I know a few folks out there are starting to believe that I’m just an apologist for the nursery industry. While it’s true most of the nursery people with whom I work are hard-working folks trying to do their best to run a successful business and produce a quality crop, there are certainly some issues out there and I’ve got my share of pet peeves. One of the things really that chafes my heiney is what I refer to as “Carrot-top” syndrome in eastern white pine (Pinus strobus). White pine is one of the most commonly planted conifers in this part of the world. White pine is native throughout much of the eastern US and is an extremely fast growing tree that makes a good ornamental when planted on the right place with room to grow. It is also widely grown as a Christmas tree in the Upper Midwest as well and therein lies the rub. Many nursery producers also grow Christmas trees and many Christmas tree growers also dig nursery stock. The result? White pines that have been heavily sheared as Christmas trees end up planted as landscape trees. Once in the landscape, the upper portions of the trees will quickly resume rapid growth, with some shoots growing 2’ to 3’ or more per year; while the side shoots that had been repeatedly sheared barely grow at all. After a couple of years the net result is neatly trimmed Christmas tree with a wooly beast growing out of its top. What’s the solution? Ideally producers should identify which portion of their trees will be sold as Christmas trees and which are destined for the landscape trade. Christmas trees can be sheared to meet demands of that market while landscape trees can be pruned much more lightly to maintain a single leader and conical form but keep obvious layers of whorls. The dilemma, of course, is that growers don’t always know which trees will end up and the Christmas tree lot and which will be dug for the nursery trade. The other, more challenging problem is that, given a choice, 99 out of 100 garden consumers will choose the neat-looking Christmas tree for the landscape, unaware of the wooly mess that’s about to be unleashed in their yard. The solution? Education on both sides; making growers aware of the issue and making consumers realize that the only way to have a natural-looking white pine in your yard is to start with a natural-looking white pine.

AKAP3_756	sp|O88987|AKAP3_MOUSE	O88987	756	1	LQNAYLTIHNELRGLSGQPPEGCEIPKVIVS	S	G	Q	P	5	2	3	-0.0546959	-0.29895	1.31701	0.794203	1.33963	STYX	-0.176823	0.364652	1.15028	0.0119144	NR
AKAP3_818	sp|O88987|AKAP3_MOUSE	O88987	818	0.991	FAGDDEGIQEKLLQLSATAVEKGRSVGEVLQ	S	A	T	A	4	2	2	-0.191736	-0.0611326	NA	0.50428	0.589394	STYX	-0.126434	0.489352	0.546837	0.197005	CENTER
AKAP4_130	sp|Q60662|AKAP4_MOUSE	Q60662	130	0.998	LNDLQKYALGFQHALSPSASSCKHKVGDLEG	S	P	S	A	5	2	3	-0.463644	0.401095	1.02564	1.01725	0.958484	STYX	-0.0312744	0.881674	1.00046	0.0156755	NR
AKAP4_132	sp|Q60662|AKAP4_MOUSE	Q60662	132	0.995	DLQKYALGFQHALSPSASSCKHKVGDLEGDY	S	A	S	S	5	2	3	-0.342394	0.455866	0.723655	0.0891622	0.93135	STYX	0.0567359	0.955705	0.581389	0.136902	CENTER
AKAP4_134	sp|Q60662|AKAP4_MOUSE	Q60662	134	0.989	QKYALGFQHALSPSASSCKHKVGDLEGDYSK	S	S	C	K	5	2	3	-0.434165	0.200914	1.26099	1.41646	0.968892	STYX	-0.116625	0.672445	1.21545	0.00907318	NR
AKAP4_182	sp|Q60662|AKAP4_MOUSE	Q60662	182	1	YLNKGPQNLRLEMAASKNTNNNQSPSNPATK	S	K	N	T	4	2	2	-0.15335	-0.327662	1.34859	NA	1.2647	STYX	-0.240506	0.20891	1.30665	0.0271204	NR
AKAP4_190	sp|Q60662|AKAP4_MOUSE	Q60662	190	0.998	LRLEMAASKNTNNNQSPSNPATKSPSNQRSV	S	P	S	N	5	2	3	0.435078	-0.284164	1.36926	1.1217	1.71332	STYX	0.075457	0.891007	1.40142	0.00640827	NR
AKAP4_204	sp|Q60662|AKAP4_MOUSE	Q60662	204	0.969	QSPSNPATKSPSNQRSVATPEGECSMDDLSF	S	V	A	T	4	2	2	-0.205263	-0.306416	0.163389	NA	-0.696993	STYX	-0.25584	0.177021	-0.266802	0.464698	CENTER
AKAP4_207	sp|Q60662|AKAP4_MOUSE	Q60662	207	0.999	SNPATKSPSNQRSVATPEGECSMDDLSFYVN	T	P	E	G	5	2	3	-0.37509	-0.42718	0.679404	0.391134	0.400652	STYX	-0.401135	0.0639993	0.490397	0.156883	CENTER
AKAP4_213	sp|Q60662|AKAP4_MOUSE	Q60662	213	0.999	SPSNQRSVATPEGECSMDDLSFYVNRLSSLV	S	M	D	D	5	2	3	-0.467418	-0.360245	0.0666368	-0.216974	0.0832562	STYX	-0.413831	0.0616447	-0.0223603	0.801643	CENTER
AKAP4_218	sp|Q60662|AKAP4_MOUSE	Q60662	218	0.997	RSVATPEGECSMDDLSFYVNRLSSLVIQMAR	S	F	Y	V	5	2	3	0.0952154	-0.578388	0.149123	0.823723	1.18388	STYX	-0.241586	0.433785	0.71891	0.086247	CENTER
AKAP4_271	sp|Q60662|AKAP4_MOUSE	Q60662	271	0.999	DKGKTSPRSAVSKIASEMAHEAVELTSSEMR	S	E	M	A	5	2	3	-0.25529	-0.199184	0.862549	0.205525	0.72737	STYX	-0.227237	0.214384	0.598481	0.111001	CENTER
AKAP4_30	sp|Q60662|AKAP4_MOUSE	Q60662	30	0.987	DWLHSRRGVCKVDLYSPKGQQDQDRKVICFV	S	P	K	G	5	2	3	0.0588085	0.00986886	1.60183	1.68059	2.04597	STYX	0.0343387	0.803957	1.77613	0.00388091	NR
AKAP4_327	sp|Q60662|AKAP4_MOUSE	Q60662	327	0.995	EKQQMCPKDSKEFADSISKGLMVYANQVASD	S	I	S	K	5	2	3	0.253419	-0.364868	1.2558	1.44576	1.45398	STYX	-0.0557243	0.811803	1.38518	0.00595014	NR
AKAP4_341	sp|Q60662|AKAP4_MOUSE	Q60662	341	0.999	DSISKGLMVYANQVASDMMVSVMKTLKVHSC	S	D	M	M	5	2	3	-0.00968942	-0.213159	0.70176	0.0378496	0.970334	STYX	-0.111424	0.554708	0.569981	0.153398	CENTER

Heavily sheared pines will retain the outline from from shearing for years while the top rages out of control.